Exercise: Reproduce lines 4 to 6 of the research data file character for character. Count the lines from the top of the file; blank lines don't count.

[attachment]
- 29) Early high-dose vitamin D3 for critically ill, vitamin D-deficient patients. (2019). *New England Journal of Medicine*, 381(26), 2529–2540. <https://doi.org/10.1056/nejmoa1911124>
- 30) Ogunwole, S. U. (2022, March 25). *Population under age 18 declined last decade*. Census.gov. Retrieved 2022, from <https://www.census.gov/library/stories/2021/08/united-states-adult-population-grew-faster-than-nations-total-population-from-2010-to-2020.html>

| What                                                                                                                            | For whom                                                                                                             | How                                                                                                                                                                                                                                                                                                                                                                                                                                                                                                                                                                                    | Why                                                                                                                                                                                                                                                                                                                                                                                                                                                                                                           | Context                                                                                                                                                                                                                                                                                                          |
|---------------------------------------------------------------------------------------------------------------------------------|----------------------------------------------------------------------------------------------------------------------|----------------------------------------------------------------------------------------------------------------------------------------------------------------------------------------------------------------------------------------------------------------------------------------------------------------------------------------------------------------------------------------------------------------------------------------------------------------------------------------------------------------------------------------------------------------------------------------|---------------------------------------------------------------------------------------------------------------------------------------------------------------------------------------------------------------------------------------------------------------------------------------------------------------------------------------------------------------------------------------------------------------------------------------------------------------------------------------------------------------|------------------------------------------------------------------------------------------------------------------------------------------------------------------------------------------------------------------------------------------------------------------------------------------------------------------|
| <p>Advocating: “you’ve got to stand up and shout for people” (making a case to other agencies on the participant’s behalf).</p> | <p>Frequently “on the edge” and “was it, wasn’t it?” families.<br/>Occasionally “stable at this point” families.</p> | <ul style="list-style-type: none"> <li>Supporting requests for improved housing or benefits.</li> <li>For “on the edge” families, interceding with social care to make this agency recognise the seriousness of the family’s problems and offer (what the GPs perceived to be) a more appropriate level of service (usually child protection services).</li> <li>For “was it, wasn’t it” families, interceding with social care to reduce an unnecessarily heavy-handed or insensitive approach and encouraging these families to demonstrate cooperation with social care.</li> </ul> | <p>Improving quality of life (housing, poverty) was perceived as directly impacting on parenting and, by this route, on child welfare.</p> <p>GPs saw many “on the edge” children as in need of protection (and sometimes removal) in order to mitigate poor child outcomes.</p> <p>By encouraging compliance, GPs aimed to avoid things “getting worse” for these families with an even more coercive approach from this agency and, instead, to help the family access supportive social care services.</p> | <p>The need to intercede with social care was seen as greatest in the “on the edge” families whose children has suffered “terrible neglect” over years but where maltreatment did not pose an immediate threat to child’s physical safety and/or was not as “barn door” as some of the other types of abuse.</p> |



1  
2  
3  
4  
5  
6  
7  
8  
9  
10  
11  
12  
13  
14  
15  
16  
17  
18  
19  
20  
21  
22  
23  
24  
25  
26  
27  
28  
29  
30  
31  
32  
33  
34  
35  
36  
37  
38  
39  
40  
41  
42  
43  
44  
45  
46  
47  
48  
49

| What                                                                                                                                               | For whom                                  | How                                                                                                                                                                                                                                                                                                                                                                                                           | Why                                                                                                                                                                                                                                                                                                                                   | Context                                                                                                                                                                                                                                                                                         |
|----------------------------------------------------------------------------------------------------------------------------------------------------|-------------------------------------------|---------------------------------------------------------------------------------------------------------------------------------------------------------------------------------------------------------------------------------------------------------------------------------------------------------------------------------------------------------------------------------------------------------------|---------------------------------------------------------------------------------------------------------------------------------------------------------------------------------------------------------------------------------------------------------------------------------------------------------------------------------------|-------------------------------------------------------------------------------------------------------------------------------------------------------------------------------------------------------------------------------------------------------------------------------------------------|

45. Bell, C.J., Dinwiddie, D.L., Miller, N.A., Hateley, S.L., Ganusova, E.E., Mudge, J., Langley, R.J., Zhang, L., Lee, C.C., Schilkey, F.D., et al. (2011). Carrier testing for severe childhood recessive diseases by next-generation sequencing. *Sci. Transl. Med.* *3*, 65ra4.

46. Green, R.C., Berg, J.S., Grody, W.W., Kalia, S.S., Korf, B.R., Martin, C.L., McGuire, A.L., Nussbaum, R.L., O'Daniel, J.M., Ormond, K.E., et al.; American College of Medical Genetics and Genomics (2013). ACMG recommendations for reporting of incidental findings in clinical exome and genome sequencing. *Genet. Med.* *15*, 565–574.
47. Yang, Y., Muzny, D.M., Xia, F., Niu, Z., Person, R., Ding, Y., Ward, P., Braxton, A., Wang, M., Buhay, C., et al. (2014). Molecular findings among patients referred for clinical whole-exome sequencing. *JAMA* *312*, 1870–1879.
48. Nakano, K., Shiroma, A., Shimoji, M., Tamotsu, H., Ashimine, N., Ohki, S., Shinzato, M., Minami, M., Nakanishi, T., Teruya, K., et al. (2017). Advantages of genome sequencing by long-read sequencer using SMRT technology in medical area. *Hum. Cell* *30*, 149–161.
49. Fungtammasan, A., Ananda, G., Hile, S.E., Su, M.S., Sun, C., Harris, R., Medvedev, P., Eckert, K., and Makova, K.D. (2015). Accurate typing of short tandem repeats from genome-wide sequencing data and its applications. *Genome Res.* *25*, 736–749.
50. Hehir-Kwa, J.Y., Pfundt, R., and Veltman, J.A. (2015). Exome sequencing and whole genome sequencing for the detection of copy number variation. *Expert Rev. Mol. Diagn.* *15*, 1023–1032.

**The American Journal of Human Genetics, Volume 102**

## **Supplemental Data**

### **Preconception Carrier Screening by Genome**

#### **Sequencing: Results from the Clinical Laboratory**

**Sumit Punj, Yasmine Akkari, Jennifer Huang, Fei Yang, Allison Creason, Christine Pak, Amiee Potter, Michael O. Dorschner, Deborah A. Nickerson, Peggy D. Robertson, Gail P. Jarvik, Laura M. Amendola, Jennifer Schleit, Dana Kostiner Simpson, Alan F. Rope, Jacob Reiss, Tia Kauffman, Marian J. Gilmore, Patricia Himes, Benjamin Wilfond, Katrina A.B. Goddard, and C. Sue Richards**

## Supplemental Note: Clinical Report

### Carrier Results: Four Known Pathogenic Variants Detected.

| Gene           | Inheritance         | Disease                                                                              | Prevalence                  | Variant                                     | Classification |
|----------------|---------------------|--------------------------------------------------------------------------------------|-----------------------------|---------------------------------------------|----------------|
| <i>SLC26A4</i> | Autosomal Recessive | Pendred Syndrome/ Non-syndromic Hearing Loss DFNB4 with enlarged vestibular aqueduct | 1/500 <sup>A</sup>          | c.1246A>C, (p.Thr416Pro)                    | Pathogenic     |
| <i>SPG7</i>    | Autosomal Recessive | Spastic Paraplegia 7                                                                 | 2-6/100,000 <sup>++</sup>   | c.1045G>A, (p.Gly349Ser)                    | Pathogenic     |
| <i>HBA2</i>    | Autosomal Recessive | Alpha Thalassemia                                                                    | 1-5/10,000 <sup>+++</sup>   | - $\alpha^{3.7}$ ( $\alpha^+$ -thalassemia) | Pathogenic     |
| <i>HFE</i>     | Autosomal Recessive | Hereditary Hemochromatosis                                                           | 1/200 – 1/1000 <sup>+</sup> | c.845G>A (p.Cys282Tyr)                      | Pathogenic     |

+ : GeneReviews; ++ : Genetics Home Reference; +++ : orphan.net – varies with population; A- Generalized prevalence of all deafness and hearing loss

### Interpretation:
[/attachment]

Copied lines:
|---------------------------------------------------------------------------------------------------------------------------------|----------------------------------------------------------------------------------------------------------------------|----------------------------------------------------------------------------------------------------------------------------------------------------------------------------------------------------------------------------------------------------------------------------------------------------------------------------------------------------------------------------------------------------------------------------------------------------------------------------------------------------------------------------------------------------------------------------------------|---------------------------------------------------------------------------------------------------------------------------------------------------------------------------------------------------------------------------------------------------------------------------------------------------------------------------------------------------------------------------------------------------------------------------------------------------------------------------------------------------------------|------------------------------------------------------------------------------------------------------------------------------------------------------------------------------------------------------------------------------------------------------------------------------------------------------------------|
| <p>Advocating: “you’ve got to stand up and shout for people” (making a case to other agencies on the participant’s behalf).</p> | <p>Frequently “on the edge” and “was it, wasn’t it?” families.<br/>Occasionally “stable at this point” families.</p> | <ul style="list-style-type: none"> <li>Supporting requests for improved housing or benefits.</li> <li>For “on the edge” families, interceding with social care to make this agency recognise the seriousness of the family’s problems and offer (what the GPs perceived to be) a more appropriate level of service (usually child protection services).</li> <li>For “was it, wasn’t it” families, interceding with social care to reduce an unnecessarily heavy-handed or insensitive approach and encouraging these families to demonstrate cooperation with social care.</li> </ul> | <p>Improving quality of life (housing, poverty) was perceived as directly impacting on parenting and, by this route, on child welfare.</p> <p>GPs saw many “on the edge” children as in need of protection (and sometimes removal) in order to mitigate poor child outcomes.</p> <p>By encouraging compliance, GPs aimed to avoid things “getting worse” for these families with an even more coercive approach from this agency and, instead, to help the family access supportive social care services.</p> | <p>The need to intercede with social care was seen as greatest in the “on the edge” families whose children has suffered “terrible neglect” over years but where maltreatment did not pose an immediate threat to child’s physical safety and/or was not as “barn door” as some of the other types of abuse.</p> |



1  